Hyundai has big plans for its CUV lineup, with the Korean automaker continuing its teaser campaign for the upcoming Kona CUV, which is expected to make its debut in the near future and serve as Hyundai’s entry into the compact CUV segment.
Named after a district on Hawaii’s Big Island, the Kona is designed to appeal to buyers that want a family hauler, but don’t want to step up to bigger entries like the Tuscon and the Santa Fe. Hyundai claims that the Kona has “true SUV genes, progressive design, and premium features.” That is not a whole lot to go on, but the new teaser image Hyundai released does appear to shed some light on the styling of the Kona, with the soft roader embracing a more dynamic design especially when compared to the decidedly more reserved design language that is seen on Hyundai’s bigger SUV entries.
The LED daytime running lights for example are placed a bit higher than the grille itself, while the headlights are much lower, and are reminiscent of the look achieved by the NIssan Juke and Jeep Cherokee. If we had to grade the Kona on this regard, it would be somewhere in the middle, with the Kona easily outclassing the Juke but falling a bit short of the Jeep. That can change though once Hyundai formally unveils the Kona in all of its unobstructed glory.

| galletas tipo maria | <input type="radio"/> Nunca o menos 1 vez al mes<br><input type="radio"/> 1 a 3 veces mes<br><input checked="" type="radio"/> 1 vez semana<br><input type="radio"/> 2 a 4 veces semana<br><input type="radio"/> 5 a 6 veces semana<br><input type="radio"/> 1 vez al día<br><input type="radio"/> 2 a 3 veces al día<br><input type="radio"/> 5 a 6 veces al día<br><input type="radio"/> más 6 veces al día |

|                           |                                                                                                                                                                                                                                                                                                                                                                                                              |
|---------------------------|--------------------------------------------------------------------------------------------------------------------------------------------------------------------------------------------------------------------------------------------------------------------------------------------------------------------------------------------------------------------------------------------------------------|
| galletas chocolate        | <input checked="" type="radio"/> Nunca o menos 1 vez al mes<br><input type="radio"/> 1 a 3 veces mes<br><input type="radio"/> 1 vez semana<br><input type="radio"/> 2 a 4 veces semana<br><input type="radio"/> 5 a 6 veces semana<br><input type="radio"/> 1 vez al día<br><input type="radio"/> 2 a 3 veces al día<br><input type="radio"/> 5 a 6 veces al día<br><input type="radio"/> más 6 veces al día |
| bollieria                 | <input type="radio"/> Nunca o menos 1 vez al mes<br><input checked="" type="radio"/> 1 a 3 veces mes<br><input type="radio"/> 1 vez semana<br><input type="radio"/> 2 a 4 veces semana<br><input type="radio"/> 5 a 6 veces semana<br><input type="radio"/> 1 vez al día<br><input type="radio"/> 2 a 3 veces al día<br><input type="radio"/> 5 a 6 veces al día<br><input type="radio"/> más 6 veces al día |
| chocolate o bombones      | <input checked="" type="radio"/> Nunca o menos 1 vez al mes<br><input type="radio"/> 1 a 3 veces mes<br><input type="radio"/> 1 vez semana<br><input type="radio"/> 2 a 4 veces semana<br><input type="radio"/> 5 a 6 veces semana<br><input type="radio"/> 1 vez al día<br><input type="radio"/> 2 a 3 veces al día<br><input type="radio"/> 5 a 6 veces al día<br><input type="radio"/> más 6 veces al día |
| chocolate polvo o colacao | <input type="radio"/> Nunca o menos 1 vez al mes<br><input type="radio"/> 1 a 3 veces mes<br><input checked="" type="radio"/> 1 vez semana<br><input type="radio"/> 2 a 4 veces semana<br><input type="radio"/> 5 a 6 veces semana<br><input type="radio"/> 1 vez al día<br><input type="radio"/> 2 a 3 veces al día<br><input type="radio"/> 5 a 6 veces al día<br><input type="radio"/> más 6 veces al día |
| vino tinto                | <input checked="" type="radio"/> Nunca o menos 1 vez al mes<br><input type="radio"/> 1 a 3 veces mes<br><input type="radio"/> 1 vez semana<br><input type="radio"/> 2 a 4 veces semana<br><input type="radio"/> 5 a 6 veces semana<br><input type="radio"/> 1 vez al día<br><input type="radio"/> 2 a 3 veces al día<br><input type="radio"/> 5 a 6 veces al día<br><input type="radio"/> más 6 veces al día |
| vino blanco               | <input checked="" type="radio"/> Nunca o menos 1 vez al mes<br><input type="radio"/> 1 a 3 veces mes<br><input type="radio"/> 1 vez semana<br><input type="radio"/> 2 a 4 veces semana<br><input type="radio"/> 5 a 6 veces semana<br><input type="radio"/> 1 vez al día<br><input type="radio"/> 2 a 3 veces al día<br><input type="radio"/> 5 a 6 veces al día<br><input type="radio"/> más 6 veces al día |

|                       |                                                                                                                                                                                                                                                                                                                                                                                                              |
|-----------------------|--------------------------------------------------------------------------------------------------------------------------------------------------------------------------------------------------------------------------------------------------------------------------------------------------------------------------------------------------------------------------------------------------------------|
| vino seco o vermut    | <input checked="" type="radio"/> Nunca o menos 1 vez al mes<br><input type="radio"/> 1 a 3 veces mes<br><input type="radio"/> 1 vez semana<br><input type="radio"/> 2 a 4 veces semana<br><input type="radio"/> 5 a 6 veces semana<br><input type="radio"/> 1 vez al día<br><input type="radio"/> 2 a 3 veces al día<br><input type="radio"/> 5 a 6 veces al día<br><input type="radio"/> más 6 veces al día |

Like its exterior styling, the technical aspects that underpin the Kona have also been shrouded in a veil of secrecy. However, it is known that the Kona will follow the general blueprint laid out by others in its segment, and offer front wheel drive as standard equipment, with all-wheel drive being an optional extra. Also expect four cylinder engines to be the dominant engine choice for the Kona, with an automatic possibly being the sole transmission offering available.
The Kona was designed mainly for the European market, with Hyundai hoping that the compact Kona will help the Korean automaker achieve its goal of being the number one automaker in Europe by 2021. This strong focus on the European market also helps add a degree of uncertainty into its apperance in the U.S. market, but Hyundai could eventually change its mind, especially if factors change, and promote a buying enviroment that is favorable to the Kona.